When we acknowledge that noise cannot be restricted at its source, we have to be doubly cautious. The next job is to determine how best our home designing or renovation effort can cut down the problem. A home designer at the top of his game thinks about all the possible sound paths. These include the direct path offered to sound; read doors and windows and the indirect paths; minor wall fissures or the fences. The designer does not leave the airborne noise, impact noise and echo from hard surfaces out of his scrutiny.
Acoustic insulation if noise cannot be restricted at source
If noise cannot be restricted at source, try to enhance the distance between the source and the location where noise will be heard. For the pursuit, locating your home as far away as possible from the street frontage may be the key. Push in a buffer space between a noisy and a supposedly quiet area. As an example, you can play with the idea of a wardrobe between two bedrooms. You can go for earth-mounding or fencing, too, but your designer will have to take up the project in a very sincere way.
You cannot possibly set up a barrier when sound originates from above it. If noise sources are located on the northern flank of your home, you cannot do much about them. However, use of trees and shrubs, brick or concrete walls and timber fences (not in a bushfire zone) can help limit the impact of noise.
Noise from above – the most forgotten source of noise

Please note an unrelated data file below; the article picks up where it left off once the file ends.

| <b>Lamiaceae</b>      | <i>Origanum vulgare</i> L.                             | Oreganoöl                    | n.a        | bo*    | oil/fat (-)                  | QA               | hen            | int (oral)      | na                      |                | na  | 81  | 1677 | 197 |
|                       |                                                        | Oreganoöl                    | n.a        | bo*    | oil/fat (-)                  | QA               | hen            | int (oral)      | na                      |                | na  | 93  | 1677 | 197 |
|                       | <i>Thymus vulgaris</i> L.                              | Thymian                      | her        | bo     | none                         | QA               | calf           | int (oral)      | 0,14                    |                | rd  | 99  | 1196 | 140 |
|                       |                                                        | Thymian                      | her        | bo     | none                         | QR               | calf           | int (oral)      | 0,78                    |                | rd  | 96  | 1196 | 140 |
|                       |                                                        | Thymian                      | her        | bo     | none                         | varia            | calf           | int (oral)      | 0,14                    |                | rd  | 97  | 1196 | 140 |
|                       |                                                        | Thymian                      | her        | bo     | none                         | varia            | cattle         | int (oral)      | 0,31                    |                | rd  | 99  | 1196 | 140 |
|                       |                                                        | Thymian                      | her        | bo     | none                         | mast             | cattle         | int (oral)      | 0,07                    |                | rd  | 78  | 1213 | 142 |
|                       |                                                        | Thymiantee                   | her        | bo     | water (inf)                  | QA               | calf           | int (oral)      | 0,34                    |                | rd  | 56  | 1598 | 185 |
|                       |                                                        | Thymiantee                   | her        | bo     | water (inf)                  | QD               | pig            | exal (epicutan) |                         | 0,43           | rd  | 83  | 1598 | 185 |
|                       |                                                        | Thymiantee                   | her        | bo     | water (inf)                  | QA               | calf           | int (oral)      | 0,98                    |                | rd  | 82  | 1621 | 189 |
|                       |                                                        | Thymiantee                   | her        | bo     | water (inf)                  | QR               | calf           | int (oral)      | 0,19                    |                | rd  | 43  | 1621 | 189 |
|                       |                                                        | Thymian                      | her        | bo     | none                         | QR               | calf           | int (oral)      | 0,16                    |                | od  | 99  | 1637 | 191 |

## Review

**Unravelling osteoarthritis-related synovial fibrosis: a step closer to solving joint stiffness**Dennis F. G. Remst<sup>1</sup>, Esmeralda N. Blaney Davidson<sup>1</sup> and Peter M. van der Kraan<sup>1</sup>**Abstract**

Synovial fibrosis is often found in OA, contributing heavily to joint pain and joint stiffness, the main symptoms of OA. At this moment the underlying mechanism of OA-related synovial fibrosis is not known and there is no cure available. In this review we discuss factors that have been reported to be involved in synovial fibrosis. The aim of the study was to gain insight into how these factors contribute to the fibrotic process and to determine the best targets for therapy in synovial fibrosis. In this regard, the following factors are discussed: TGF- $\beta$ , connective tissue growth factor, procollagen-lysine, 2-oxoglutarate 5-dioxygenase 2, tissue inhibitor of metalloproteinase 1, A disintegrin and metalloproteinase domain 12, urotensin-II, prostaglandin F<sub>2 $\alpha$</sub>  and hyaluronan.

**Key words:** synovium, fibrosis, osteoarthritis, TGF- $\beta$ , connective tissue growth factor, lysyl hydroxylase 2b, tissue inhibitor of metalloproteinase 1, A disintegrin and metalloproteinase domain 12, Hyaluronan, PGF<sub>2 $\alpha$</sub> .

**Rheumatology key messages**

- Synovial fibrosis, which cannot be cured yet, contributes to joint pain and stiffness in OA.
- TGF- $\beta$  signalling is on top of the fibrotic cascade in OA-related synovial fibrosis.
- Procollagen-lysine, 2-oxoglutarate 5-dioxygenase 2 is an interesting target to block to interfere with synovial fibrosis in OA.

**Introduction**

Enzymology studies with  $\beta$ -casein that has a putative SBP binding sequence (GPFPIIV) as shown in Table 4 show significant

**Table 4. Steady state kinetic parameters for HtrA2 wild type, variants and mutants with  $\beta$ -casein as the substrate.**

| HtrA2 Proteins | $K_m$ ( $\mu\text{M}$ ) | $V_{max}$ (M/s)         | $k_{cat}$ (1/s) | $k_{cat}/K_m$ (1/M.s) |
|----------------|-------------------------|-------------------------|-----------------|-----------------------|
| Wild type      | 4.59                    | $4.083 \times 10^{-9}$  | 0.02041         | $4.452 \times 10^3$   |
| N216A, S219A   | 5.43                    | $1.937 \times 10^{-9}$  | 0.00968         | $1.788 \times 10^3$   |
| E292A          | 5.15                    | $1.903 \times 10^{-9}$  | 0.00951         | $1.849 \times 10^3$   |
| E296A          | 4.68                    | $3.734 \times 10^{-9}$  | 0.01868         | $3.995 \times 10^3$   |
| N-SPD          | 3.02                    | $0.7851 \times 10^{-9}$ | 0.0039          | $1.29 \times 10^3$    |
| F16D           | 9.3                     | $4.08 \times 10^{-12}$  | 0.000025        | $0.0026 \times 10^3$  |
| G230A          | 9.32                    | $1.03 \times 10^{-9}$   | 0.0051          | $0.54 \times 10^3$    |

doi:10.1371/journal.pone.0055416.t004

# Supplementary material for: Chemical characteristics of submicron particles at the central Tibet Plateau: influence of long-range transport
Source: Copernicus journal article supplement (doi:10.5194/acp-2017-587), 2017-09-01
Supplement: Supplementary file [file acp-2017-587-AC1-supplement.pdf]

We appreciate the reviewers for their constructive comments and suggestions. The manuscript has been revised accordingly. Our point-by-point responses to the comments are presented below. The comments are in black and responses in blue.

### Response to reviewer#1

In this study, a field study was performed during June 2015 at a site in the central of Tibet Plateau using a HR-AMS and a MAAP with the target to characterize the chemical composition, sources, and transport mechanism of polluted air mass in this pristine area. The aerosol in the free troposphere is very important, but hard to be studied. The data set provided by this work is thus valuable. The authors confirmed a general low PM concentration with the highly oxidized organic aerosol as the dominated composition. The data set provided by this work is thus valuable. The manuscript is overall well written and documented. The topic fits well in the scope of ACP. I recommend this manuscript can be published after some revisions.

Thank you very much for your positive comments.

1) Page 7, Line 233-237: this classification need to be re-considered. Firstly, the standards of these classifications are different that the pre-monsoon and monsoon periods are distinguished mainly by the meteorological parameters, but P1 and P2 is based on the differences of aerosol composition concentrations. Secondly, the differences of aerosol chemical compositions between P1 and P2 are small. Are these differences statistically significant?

A 2 metre tall wall of concrete masonry or an equally high earth mound may help you reduce noise which runs below the barrier. The sound coming from above it will still reach you though. This, my friends, is the less talked about aspect of soundproofing I mentioned in the opening paragraph (the sound coming from above the barrier).
Sound proofing – The noise reduction coefficient
A glass window may have a very low noise reduction coefficient, something like 0.05. This would mean 95% of the sound that hits a glass window fails to get absorbed and hits back at the resident as unwanted noise. Contrarily, a carpet (that comes with a rubber inlay) may have a coefficient of 0.4%, hence holding back 40% of sound from turning into ambient noise.
You can soundproof a room by applying principles of Absorbing and Dampening
Absorbing and dampening are two significant techniques when it comes to soundproofing. Absorption relies on the use of a rubbery membrane which can help sound from bouncing off (thus increasing the NLR). Dampening, on the other hand, implies using a dead wall (I mean an acoustically dead wall) which just does not vibrate when sound hits it.